12 Safety Tips for Using Wood Chippers

0
157

Wood chippers are often used this time of year to chop up fallen branches—and to turn Christmas trees into mulch after the holidays. Tree branches and trunk sections fed manually into the machine’s infeed hopper are grabbed by the feed mechanism or chipper knives, which cut and propel wood chips through the discharge spout. So clearly this equipment can be very dangerous if not used properly.

On Dec. 9, 2015, a 19-year-old worker from North Carolina was killed on his first day on the job after being pulled feet first into a wood chipper. He was trying to kick a tree branch that got jammed in the machine when he was pulled into it. His employer hit the kill switch and put the machine in reverse, but it was already too late.

A similar incident happened to a young worker in BC. Two workers were chipping blackberry bushes that had been gathered into a pile. The young worker raked up the remaining debris, put it into the hopper of the mobile wood chipper and then used his foot to kick the rakings farther in towards the chipper’s infeed rollers.

He slipped on the snow-covered ground and inadvertently grabbed the spring-loaded feed control bar, activating the infeed rollers. His foot got pulled towards the chipping blades. Fortunately, his co-worker quickly shifted the control bar into reverse to free the young worker’s foot, which was only fractured.

The NIOSH Science Blog says that, to protect workers from being caught by the chipper feed mechanism, employers should ensure the following:

  1. All safety devices and controls, such as emergency shut-off devices, are tested and verified to be functioning properly before the chipper is used.
  2. Workers are trained in safe work procedures, including operating wood chipper safety devices and safety controls. These procedures should be based on the manufacturer’s recommendations for each machine.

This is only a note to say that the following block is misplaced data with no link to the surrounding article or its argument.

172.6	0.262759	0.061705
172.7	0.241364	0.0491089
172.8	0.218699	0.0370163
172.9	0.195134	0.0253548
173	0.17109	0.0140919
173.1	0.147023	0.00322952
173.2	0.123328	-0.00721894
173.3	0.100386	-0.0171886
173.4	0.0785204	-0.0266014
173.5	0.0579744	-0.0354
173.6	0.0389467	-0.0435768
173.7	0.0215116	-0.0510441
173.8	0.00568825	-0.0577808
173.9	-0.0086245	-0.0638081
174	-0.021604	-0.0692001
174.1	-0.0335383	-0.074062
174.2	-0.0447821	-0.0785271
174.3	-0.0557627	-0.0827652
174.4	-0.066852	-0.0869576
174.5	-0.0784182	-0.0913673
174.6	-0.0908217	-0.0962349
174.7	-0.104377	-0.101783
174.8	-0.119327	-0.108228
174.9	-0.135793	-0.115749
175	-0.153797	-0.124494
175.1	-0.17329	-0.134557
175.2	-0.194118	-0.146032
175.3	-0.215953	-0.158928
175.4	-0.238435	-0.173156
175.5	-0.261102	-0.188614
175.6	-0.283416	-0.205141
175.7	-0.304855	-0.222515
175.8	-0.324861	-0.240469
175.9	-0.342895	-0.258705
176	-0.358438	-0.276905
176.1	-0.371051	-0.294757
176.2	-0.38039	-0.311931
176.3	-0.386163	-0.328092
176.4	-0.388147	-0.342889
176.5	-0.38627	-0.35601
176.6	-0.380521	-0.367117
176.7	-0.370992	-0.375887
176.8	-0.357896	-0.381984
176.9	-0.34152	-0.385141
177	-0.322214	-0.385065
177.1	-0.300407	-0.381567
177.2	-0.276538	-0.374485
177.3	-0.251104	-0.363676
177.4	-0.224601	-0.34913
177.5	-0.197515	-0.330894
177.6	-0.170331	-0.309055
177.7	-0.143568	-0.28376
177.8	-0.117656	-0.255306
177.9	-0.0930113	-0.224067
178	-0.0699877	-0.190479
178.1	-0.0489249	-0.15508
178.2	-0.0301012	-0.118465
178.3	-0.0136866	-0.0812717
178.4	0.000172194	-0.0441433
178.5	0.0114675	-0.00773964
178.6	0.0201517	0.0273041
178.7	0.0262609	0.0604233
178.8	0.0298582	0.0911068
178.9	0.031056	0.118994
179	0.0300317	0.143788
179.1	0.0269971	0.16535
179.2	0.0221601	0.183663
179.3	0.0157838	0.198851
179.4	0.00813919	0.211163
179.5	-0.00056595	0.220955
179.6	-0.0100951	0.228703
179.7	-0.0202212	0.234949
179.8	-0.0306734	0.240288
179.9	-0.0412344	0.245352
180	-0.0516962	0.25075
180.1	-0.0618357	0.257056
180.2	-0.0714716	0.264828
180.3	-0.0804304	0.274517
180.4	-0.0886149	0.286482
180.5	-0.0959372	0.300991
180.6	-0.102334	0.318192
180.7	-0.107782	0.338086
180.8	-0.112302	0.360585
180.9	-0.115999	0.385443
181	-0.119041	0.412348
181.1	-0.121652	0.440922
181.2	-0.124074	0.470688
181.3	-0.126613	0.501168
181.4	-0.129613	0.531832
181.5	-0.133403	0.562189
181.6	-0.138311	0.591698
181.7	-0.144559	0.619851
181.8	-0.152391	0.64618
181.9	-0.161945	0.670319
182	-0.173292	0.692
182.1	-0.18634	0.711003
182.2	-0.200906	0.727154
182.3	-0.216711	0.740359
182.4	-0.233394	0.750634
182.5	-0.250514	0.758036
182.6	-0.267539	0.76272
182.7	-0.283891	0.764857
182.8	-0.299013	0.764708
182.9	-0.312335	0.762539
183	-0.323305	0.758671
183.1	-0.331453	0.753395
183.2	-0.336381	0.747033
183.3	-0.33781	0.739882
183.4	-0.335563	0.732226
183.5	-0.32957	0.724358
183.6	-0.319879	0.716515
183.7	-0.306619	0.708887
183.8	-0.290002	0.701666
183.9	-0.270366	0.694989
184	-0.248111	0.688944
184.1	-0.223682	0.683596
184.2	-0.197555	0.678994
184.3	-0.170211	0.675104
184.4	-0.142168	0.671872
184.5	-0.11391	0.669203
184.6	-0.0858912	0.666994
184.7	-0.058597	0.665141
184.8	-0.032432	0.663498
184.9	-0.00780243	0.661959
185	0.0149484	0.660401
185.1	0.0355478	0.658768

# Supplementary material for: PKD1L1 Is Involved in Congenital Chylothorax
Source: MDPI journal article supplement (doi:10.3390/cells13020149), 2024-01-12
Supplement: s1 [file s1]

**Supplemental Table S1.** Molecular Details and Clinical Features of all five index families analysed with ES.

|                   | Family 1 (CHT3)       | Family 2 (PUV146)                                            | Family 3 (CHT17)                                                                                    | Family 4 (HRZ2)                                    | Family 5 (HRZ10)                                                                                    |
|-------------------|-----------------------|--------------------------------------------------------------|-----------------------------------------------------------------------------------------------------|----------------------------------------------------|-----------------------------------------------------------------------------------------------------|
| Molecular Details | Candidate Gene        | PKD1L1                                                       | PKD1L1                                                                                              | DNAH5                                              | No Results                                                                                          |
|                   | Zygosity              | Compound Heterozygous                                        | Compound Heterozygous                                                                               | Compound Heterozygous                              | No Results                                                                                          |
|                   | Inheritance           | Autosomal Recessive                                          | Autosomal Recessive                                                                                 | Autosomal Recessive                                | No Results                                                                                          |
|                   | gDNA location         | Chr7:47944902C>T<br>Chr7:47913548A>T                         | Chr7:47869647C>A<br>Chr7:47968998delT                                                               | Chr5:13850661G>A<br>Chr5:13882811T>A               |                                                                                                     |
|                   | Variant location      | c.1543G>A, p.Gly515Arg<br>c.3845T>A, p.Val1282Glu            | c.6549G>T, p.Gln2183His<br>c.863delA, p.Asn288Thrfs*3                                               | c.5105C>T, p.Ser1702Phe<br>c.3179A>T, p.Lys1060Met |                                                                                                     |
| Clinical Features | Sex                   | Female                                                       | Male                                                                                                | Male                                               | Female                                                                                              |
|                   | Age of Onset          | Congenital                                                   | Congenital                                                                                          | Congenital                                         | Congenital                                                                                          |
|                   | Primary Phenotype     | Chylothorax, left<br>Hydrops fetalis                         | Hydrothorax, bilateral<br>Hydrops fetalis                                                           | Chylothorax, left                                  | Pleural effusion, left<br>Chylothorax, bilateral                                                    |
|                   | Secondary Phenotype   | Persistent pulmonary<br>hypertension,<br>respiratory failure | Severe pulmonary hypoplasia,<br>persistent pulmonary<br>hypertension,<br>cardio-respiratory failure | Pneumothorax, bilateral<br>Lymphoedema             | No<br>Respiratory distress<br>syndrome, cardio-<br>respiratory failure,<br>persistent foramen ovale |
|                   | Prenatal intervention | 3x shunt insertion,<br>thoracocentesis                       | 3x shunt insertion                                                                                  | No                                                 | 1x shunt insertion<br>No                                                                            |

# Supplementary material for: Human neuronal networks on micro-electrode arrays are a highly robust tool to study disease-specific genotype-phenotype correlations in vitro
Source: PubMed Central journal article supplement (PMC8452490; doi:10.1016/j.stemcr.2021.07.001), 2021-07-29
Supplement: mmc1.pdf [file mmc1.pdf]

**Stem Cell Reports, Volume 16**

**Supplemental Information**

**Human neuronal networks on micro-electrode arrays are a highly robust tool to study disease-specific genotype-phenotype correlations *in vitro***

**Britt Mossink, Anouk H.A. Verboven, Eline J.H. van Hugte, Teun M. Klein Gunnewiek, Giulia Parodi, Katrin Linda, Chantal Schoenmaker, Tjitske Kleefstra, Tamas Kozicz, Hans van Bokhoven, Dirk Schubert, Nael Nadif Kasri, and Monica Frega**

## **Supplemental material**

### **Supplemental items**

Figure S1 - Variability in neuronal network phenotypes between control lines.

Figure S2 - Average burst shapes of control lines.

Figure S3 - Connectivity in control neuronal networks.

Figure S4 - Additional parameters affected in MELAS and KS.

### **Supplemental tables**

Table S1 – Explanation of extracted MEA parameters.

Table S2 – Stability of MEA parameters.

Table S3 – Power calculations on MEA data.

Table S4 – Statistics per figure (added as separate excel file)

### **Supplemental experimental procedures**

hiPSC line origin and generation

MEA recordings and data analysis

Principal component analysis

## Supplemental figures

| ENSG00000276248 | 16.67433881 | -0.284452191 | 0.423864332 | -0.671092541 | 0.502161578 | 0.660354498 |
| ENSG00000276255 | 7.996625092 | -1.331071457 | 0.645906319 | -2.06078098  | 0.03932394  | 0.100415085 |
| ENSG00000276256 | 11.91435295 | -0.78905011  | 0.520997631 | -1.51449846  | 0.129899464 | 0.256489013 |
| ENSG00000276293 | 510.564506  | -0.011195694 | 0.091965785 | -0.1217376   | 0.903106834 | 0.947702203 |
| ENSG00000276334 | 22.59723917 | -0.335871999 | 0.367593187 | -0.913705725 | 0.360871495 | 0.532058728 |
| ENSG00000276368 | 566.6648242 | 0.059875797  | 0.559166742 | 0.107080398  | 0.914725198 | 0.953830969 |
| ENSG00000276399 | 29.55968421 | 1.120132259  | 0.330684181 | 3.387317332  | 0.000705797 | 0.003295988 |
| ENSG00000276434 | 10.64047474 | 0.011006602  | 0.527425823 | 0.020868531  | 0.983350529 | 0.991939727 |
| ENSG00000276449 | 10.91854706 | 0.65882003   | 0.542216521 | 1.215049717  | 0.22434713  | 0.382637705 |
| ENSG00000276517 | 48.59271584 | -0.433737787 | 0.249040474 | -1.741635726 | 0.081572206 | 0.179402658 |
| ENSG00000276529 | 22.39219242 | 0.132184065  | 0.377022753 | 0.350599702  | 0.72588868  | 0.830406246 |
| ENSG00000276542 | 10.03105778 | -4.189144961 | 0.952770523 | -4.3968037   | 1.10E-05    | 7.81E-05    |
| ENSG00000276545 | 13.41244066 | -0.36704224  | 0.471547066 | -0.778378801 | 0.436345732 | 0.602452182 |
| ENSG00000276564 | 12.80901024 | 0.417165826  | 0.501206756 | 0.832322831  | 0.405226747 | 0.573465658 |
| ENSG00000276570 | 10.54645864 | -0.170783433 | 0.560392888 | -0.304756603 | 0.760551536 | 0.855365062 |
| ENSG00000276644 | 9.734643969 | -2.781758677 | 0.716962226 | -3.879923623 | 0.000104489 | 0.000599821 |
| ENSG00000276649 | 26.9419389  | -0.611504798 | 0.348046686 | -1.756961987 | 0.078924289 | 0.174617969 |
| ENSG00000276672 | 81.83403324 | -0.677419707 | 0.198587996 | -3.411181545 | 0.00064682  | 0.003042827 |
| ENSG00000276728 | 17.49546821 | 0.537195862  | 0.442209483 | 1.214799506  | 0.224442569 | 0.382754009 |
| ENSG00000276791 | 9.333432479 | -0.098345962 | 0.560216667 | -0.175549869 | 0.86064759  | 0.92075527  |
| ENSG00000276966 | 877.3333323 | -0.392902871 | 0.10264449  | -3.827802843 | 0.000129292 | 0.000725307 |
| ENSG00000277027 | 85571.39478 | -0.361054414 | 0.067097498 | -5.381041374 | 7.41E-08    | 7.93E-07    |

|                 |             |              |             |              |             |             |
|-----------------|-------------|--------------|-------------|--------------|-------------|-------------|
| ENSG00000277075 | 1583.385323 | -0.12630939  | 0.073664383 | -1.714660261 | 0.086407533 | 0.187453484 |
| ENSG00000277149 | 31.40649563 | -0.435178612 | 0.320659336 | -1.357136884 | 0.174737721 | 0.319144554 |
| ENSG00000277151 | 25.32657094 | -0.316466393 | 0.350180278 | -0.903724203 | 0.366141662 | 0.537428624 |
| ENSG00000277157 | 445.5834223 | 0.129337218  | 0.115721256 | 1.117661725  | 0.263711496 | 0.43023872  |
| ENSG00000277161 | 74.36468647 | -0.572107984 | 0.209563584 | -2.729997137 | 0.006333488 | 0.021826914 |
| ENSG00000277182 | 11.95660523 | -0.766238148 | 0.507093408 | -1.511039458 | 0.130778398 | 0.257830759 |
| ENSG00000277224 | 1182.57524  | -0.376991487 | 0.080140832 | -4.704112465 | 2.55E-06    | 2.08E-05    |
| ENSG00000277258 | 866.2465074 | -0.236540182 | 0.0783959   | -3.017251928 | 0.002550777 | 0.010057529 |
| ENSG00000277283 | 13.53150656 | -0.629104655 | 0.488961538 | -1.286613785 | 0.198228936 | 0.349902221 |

3. At least two workers are in close contact with each other when operating the chipper.
  4. Workers wear close-fitting clothing, gloves without cuffs, trousers without cuffs, and skid-resistant foot wear. Clothing should be kept tucked in.
  5. Workers’ hands and feet remain outside the infeed hopper.
  6. Workers feed brush and limbs into the infeed hopper butt end first.
  7. Workers feeding material are positioned at the side of the machine to allow quick operation of the emergency shut-off device and minimize risk of entanglement in branches. Because of differences among machines, the manufacturer’s operating manual should be consulted for guidance. Safe feeding of some disc-type chippers requires the worker to be on the right side.
  8. Workers walk away once the feed mechanism has grabbed the material.
  9. Workers lay short material on top of longer material that’s feeding or use a longer branch to push it through the infeed hopper.
  10. Workers load small raked-up material such as twigs and leaves directly into the chip truck or in trash cans or bags instead of feeding it into the chipper.
  11. Workers keep the area around the wood chipper free of slipping and tripping hazards.
  12. Workers wear hard hats, eye protection and hearing protection.